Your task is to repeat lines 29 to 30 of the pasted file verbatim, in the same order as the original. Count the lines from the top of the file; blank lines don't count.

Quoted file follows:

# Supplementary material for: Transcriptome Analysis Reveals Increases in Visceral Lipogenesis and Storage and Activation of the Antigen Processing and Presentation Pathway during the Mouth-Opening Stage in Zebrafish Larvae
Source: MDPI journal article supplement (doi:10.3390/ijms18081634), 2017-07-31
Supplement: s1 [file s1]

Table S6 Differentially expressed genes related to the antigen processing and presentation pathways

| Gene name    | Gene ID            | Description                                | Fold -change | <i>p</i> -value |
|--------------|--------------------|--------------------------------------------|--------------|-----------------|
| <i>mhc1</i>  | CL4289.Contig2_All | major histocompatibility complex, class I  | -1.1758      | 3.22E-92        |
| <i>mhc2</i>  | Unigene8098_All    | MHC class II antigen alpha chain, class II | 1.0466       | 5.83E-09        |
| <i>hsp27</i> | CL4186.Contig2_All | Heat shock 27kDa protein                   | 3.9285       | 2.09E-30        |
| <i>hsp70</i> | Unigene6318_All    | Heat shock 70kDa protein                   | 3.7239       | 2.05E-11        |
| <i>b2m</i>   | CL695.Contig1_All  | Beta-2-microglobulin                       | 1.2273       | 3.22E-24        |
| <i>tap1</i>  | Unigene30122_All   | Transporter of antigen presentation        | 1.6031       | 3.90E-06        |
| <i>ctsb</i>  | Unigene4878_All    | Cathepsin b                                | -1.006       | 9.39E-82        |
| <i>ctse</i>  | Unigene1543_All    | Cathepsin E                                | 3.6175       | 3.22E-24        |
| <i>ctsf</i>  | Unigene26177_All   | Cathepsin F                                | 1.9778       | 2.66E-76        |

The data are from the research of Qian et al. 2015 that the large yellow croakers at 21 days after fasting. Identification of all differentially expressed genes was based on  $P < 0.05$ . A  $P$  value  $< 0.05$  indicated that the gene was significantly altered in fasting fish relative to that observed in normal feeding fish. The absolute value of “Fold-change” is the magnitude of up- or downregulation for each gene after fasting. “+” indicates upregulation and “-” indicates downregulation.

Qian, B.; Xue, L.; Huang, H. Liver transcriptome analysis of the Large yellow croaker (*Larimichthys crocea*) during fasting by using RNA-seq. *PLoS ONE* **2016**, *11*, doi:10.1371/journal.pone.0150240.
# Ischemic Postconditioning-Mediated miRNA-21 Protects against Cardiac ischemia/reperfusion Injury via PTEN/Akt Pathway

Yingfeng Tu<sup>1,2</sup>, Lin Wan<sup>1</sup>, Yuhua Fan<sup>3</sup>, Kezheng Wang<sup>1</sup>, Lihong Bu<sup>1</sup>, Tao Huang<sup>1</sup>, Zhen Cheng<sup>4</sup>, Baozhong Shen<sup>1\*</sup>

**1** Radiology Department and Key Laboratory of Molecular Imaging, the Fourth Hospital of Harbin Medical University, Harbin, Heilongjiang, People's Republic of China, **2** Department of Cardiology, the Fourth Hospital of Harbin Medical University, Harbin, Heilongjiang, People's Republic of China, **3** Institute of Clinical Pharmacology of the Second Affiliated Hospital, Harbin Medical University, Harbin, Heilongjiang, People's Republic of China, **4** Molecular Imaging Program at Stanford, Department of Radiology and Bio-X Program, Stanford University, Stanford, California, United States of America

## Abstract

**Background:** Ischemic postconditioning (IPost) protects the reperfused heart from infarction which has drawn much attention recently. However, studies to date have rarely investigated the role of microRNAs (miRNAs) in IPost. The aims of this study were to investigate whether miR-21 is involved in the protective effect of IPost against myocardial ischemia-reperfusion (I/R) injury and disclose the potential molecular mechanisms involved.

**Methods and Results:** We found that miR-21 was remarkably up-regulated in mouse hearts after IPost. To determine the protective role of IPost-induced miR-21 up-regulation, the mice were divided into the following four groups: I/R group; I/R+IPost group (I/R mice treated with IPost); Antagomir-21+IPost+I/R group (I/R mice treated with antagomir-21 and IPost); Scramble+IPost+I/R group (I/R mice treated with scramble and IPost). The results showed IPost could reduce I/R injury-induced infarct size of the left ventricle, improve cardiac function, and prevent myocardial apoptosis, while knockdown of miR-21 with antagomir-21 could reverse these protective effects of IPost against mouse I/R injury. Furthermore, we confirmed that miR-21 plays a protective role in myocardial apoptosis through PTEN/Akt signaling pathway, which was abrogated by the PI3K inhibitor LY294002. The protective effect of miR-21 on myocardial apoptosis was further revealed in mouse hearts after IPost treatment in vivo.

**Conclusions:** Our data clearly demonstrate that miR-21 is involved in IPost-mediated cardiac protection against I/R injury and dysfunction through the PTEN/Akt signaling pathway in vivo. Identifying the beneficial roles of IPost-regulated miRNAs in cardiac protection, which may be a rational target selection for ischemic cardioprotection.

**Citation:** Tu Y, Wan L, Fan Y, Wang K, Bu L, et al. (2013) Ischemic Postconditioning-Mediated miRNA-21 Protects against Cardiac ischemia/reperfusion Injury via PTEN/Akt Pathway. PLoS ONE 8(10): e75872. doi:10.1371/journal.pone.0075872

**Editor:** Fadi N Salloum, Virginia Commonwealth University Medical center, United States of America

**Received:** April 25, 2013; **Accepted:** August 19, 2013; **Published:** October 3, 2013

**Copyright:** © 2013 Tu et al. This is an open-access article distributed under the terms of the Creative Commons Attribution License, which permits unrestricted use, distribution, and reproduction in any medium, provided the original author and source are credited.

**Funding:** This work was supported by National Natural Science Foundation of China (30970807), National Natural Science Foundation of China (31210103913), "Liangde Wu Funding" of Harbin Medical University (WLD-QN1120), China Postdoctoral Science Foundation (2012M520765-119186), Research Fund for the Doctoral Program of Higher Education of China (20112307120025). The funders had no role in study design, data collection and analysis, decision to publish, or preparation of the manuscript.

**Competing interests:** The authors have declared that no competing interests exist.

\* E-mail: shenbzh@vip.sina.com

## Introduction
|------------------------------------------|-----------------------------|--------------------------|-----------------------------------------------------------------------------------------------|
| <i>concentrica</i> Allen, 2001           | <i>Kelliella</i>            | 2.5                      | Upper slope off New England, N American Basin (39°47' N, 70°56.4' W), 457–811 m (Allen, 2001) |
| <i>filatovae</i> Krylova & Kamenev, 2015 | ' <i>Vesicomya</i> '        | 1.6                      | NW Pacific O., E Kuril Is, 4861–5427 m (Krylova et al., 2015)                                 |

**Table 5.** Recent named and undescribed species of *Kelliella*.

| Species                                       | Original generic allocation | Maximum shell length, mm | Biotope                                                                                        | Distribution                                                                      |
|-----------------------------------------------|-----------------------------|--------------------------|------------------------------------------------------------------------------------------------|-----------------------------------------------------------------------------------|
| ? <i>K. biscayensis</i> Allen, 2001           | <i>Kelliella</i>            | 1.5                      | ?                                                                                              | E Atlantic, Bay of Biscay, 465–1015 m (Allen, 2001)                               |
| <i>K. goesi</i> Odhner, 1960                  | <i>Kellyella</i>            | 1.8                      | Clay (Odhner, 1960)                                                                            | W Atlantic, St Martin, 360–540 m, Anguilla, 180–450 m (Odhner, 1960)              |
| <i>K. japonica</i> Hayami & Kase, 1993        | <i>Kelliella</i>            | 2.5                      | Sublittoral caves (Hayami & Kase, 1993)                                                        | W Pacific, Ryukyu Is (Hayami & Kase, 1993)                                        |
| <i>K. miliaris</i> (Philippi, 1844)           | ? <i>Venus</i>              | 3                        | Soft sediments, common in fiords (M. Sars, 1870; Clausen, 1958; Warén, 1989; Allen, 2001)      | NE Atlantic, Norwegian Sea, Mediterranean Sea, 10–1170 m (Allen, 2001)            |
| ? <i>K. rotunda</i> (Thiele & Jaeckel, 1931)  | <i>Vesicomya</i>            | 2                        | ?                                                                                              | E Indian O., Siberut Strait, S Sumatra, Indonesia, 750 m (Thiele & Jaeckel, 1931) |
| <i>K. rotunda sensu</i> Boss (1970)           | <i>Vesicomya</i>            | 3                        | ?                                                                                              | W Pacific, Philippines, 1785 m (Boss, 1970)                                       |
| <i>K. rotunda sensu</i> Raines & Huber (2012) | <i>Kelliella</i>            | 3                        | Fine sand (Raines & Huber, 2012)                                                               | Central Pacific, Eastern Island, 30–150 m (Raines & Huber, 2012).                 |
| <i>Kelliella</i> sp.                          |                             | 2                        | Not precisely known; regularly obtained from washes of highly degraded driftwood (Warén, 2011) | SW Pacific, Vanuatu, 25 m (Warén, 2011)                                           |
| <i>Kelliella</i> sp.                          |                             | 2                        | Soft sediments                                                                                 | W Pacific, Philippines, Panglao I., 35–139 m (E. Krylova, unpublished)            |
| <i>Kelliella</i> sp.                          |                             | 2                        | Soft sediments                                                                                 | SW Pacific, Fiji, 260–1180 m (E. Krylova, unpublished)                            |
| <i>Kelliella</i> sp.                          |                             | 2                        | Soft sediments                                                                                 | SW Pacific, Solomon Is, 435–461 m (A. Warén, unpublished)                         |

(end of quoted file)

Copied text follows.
**Funding:** This work was supported by National Natural Science Foundation of China (30970807), National Natural Science Foundation of China (31210103913), "Liangde Wu Funding" of Harbin Medical University (WLD-QN1120), China Postdoctoral Science Foundation (2012M520765-119186), Research Fund for the Doctoral Program of Higher Education of China (20112307120025). The funders had no role in study design, data collection and analysis, decision to publish, or preparation of the manuscript.

**Competing interests:** The authors have declared that no competing interests exist.